As he continues to work at Evergreen, Reese takes pride in his hard work and enjoys being outside of Progress even though his job is less than pleasant. Although Mr. Hooft is still blunt with Reese and makes racist comments, the two have begun to form a bond. One day as he enters Mr. Hooft’s room, Reese meets Mr. Hooft’s grandson, John. After John leaves, Reese asks Mr. Hooft about him, and Mr. Hooft breaks down crying. He confesses to Reese that he rarely has visitors and that no one would care if he died. Reese realizes that Mr. Hooft often puts on a facade of being happy and that Mr. Hooft would understand so situation, so the teen decides to talk to Mr. Hooft about his feelings of hopelessness. He asks Mr. Hooft if he ever considered acting out as a child in the prison camp to get himself killed. Mr. Hooft empathizes with Reese and advises him to try to think of something pleasant and unrelated to his confinement when he has such thoughts.

When Reese returns to Progress, he has another group session with Ms. Rossetti. As he listens to the other teens express what would make them happy, he finally decides to participate in the discussion and tells the group the general outline of Mr. Hooft’s story. He uses Mr. Hooft’s life to prove that all humans want to be happy, but when circumstances spin out of their control, they make up an alternate version of their lives in which they are happy. By relating Mr. Hooft’s story, Reese realizes that what would make him happiest is helping Icy attain her goals.

The next weekend, Reese receives a call from one of the detectives who is again trying to threaten him with more than twenty years in prison if he does not confess to distributing drugs. Reese is understandably shaken up by the threat and expects the detectives to show up at any time to haul him away to “real” prison. Fortunately, when he calls home, he gets to talk to Icy, and talking to her reminds him of his plans for helping her. After his conversation with Icy, Reese struggles with his conflicted emotions. He feels hopeless when it comes to his legal situation, but Mr. Hooft tells him that all people “make up their own lives.” When Reese returns to Progress he finds out from Mr. Cintron that the detectives have decided to drop the charges against him. Mr. Cintron warns Reese that when someone associates with the wrong type of people, he will always be a suspect for anything illegal that happens around him.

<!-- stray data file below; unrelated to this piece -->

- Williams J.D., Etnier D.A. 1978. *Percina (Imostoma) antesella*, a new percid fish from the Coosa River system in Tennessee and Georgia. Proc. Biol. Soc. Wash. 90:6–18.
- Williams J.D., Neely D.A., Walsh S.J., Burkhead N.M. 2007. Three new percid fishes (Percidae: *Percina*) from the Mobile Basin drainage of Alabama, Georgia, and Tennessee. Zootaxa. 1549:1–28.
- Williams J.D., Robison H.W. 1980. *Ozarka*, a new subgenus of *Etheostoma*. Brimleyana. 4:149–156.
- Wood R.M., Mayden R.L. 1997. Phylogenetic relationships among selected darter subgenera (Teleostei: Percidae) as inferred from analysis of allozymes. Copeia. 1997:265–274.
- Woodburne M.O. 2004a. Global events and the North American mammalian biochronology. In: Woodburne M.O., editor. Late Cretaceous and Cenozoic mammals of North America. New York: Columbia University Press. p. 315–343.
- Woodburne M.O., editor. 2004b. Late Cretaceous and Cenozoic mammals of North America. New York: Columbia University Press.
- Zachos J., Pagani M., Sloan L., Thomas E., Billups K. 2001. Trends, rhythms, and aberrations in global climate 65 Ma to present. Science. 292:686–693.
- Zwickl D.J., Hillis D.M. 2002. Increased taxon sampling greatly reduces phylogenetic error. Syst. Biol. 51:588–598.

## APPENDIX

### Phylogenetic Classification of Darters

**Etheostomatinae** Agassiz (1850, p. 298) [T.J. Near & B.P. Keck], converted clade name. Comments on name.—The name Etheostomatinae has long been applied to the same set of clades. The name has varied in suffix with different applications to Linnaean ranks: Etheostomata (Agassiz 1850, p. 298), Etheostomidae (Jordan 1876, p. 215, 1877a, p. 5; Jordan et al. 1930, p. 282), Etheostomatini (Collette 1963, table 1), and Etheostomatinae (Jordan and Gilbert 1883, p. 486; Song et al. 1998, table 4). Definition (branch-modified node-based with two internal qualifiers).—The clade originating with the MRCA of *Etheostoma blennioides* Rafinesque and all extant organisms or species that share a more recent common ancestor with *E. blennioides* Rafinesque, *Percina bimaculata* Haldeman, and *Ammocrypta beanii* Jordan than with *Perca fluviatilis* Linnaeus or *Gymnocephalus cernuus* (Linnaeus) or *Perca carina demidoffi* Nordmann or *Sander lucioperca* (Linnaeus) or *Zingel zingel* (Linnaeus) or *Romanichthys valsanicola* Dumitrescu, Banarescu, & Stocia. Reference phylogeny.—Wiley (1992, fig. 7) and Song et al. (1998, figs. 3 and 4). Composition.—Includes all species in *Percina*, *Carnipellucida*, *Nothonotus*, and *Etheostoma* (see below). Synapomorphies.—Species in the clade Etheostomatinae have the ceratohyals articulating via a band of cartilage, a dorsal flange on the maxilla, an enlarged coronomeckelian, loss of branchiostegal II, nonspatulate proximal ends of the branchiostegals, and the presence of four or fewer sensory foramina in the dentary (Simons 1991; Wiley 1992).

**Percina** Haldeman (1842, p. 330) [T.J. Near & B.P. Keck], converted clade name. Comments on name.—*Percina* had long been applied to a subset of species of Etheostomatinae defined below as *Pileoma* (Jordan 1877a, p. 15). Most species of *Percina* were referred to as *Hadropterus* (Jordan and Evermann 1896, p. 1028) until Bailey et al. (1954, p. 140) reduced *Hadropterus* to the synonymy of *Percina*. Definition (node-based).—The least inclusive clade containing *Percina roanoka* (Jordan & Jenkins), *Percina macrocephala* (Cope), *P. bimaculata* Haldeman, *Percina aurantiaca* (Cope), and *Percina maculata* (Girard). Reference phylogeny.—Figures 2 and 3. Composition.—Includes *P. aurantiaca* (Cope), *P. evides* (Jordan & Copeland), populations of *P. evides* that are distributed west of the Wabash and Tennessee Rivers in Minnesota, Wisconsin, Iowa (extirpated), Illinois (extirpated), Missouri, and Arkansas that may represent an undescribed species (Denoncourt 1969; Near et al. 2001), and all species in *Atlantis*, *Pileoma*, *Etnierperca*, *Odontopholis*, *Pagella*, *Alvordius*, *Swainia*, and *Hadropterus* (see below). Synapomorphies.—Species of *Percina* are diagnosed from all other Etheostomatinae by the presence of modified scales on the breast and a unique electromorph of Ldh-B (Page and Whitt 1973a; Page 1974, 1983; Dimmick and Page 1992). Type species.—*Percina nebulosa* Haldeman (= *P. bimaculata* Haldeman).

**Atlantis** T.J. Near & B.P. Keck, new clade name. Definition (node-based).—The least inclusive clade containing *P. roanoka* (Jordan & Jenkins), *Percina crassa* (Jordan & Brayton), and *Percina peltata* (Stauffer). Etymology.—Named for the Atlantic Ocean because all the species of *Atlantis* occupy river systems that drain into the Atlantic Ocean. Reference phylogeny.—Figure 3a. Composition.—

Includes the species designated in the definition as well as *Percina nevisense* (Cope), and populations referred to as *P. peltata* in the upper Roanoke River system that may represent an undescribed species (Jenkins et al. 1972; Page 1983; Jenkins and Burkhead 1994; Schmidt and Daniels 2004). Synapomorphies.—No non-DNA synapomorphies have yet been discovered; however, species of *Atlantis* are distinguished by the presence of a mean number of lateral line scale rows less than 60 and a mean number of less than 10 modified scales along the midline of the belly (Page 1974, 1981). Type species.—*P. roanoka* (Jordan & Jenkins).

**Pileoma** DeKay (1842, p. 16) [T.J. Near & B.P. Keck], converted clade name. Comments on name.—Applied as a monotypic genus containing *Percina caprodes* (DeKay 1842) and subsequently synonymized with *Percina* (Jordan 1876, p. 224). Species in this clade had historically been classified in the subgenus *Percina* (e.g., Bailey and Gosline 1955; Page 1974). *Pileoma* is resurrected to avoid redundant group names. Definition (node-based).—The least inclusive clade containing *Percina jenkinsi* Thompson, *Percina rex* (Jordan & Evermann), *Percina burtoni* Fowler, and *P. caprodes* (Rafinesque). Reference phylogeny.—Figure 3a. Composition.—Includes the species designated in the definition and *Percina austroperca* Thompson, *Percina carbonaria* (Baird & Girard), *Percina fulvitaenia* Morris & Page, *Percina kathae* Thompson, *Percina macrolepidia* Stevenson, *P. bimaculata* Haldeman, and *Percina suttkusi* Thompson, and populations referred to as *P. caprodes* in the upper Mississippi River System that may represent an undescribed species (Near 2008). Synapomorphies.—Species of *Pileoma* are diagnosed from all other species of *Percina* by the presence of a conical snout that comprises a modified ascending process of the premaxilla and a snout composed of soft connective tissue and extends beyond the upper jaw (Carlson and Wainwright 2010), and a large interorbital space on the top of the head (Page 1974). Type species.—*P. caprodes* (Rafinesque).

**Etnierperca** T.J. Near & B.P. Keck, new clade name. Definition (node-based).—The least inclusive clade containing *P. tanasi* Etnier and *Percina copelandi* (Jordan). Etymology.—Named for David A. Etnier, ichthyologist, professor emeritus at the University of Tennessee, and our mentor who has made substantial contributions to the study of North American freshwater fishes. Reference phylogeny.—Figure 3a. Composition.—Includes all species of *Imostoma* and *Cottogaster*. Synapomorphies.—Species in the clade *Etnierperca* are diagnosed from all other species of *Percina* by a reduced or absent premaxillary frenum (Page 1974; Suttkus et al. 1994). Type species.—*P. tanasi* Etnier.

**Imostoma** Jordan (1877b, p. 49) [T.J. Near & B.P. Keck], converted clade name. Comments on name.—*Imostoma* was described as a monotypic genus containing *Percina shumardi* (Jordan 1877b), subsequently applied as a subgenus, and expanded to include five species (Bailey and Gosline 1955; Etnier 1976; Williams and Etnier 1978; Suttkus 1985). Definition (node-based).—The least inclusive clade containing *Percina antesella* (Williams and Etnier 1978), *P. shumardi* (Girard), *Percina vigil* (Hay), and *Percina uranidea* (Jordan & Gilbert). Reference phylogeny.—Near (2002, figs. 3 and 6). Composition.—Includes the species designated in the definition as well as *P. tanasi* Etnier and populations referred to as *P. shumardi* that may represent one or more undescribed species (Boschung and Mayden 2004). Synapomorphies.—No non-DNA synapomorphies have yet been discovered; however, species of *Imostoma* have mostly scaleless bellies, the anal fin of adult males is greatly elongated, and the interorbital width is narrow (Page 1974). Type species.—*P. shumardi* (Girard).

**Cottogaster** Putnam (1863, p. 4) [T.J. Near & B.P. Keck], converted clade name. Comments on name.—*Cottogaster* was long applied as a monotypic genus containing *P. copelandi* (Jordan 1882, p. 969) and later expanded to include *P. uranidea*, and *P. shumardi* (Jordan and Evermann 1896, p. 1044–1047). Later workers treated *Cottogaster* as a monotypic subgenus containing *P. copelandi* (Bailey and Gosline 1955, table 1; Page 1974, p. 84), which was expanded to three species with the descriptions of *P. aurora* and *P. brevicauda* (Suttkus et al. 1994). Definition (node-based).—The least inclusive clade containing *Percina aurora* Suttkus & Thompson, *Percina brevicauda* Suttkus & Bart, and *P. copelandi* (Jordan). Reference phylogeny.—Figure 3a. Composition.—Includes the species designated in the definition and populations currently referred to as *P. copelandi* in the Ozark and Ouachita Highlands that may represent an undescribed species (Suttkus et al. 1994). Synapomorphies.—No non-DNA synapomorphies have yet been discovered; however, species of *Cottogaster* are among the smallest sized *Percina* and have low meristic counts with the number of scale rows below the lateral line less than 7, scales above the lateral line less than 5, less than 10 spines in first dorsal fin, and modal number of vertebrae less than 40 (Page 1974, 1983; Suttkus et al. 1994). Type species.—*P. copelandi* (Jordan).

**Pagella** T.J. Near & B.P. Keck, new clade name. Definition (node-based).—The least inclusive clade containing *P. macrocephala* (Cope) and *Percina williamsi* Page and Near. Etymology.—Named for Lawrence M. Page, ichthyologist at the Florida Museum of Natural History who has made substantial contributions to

Later in the week, Toon gets a release date but is so anxious about returning to the pressure of his parents’ house that he tries to commit suicide. Reese is allowed to visit Toon in a separate section of Progress and encourages him to set his own goals. Soon afterwards, Reese appears before a panel to try to get an early release. While Reese effectively explains how he has changed and even uses what he has learned from Mr. Hooft to plead his case, the panel decides that Reese needs to complete his four remaining months. Mr. Cintron voted in favor of Reese’s early release and advises him to use his time in Progress and what he has learned wisely.

The novel’s epilogue shows Reese one year after his release from Progress. Each day is a struggle for Reese, but he has been successful in distancing himself from troublemakers and regularly meets with Toon to encourage the young boy. Reese’s mother still struggles with drug addiction, and Willis, Reese’s older brother, is now in prison on Riker’s Island. Reese has kept his job at Evergreen and built his friendship with Mr. Hooft. When Mr. Hooft passes away, he leaves Reese his cherished silver soap dish with a note signed, “Your friend, Pieter.” The novel concludes with Reese and Icy sharing their goals with one another and Reese focusing on helping Icy make her dreams a reality.